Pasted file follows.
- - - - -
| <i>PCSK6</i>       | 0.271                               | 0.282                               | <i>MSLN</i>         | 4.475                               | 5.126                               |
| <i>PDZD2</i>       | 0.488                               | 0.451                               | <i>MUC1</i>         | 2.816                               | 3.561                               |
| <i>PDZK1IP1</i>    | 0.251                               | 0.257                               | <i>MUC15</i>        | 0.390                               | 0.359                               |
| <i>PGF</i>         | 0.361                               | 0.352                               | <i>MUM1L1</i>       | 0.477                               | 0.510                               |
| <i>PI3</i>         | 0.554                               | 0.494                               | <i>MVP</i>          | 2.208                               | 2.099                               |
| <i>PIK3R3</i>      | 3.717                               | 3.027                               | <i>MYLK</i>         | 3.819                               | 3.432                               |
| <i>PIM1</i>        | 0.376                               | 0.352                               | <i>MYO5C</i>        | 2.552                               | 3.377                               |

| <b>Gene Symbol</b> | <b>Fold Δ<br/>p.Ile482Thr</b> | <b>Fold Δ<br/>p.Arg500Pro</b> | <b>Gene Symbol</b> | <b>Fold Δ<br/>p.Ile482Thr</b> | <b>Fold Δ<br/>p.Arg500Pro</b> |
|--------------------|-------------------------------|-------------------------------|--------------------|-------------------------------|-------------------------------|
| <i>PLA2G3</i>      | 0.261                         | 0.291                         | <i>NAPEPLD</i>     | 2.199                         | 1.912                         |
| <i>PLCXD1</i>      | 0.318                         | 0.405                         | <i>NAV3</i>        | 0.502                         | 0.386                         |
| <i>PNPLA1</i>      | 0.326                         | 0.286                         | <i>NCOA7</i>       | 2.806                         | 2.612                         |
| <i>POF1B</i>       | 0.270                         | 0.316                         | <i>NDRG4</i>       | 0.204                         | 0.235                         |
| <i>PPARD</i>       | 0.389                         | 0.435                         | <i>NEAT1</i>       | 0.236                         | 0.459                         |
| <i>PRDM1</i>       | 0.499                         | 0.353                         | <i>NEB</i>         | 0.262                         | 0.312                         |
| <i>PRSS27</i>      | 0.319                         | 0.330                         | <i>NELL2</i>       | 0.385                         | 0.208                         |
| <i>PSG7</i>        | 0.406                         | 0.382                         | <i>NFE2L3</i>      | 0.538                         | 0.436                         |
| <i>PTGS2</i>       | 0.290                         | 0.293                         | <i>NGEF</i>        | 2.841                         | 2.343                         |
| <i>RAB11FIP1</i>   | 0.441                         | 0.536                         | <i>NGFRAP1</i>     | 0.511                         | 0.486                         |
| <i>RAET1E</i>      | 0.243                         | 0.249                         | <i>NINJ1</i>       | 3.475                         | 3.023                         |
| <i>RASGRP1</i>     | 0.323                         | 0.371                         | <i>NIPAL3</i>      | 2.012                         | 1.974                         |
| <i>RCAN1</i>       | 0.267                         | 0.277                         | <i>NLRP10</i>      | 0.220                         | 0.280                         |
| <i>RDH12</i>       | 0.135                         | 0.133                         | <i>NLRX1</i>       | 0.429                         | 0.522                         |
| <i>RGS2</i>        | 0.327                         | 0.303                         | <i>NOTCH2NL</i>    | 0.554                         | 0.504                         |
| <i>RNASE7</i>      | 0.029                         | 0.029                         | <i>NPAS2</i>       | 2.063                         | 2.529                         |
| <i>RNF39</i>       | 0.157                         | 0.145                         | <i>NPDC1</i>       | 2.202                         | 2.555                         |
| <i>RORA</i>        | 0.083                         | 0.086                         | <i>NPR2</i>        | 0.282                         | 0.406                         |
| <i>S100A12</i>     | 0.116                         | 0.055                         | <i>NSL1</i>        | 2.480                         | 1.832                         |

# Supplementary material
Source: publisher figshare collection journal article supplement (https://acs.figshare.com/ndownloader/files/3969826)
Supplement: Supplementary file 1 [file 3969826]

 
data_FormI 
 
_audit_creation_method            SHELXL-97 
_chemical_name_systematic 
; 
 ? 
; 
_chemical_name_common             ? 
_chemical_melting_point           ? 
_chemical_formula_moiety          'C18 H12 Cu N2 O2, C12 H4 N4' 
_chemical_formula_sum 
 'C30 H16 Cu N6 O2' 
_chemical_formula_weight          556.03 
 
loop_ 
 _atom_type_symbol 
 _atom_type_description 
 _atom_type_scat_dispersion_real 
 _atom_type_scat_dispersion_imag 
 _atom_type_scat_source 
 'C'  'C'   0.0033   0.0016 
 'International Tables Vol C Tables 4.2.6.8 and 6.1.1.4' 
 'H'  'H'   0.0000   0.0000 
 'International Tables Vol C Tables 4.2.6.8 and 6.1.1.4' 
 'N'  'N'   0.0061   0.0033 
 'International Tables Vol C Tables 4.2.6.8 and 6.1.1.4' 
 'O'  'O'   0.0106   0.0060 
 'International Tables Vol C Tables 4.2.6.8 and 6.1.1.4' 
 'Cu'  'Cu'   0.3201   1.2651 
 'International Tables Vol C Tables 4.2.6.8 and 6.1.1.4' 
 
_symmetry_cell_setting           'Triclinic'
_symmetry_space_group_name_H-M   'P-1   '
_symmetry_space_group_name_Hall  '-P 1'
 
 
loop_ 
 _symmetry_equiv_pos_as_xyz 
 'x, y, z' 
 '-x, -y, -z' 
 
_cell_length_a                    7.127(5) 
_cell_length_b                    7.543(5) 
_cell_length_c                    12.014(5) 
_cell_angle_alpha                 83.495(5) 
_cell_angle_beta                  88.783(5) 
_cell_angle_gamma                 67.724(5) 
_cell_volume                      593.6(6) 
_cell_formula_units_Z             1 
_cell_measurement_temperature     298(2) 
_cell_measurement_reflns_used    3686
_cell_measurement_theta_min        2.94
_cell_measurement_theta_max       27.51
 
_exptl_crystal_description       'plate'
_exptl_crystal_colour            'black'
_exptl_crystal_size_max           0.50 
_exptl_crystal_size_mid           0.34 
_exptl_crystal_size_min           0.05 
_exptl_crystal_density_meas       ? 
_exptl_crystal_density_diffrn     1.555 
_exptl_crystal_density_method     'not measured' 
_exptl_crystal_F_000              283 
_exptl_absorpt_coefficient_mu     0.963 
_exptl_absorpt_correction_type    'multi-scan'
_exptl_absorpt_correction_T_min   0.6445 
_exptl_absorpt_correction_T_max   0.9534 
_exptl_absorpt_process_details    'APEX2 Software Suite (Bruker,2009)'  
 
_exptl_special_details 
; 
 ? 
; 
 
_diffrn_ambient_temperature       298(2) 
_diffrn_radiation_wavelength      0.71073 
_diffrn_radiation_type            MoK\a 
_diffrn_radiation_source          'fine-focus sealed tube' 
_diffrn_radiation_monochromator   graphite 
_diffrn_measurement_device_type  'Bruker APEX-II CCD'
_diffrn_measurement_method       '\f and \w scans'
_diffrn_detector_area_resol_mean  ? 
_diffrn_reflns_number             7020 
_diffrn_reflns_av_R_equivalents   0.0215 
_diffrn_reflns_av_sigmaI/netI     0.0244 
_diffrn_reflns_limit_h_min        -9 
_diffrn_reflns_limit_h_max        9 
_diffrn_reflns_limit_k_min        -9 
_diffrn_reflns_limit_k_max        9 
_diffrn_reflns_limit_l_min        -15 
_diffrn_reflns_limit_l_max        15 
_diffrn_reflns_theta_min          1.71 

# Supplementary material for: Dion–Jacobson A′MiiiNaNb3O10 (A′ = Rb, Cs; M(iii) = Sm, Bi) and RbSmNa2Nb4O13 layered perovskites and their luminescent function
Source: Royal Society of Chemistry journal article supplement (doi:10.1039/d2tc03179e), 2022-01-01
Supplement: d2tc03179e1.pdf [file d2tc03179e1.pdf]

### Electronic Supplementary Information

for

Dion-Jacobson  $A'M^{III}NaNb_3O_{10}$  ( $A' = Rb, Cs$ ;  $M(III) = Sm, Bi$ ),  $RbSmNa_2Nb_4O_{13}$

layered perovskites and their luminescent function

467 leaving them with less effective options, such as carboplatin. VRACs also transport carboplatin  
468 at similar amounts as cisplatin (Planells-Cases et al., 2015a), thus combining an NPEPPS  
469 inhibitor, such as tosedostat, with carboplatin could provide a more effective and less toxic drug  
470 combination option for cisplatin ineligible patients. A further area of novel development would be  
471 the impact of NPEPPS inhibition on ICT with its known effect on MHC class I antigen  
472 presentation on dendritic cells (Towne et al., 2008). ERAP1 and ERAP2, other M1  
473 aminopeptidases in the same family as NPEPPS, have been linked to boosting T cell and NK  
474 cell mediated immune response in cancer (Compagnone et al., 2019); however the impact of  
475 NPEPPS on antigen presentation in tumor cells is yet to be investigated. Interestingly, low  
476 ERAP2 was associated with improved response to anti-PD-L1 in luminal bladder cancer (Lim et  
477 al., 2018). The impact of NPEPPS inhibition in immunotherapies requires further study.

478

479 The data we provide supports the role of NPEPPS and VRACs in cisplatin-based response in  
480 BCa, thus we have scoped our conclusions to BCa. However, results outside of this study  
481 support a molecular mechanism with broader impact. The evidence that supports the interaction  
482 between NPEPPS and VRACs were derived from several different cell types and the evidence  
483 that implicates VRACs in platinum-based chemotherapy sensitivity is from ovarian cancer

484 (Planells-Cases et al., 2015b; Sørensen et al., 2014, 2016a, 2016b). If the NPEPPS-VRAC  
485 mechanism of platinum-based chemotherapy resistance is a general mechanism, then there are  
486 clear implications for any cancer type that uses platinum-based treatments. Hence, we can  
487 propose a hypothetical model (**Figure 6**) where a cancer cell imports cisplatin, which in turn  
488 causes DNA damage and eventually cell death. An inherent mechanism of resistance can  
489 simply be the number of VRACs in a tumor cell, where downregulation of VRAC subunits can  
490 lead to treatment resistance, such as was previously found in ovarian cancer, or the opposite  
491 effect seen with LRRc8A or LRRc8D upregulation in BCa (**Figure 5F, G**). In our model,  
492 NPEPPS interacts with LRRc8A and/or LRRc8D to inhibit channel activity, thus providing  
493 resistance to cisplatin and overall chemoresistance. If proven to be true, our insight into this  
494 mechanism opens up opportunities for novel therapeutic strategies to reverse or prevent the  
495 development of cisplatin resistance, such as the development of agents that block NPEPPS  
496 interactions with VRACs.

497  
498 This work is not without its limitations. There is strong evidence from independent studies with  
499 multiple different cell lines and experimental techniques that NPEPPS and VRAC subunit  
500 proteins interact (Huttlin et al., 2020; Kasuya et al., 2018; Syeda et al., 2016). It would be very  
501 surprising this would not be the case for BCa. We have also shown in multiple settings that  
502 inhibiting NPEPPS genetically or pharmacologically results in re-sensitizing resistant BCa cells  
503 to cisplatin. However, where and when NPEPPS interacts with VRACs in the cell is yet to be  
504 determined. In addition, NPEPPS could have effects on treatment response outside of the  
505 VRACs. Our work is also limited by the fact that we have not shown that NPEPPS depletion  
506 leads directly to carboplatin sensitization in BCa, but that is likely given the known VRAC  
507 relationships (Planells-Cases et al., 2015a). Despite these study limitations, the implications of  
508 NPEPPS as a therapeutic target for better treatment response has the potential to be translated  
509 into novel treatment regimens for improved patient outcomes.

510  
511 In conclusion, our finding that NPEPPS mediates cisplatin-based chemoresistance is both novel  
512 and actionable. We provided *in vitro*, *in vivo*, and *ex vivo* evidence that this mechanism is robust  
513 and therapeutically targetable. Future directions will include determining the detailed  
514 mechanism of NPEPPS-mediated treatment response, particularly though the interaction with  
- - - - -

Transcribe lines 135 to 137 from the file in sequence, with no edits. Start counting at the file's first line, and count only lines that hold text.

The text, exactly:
480 BCa, thus we have scoped our conclusions to BCa. However, results outside of this study  
481 support a molecular mechanism with broader impact. The evidence that supports the interaction  
482 between NPEPPS and VRACs were derived from several different cell types and the evidence  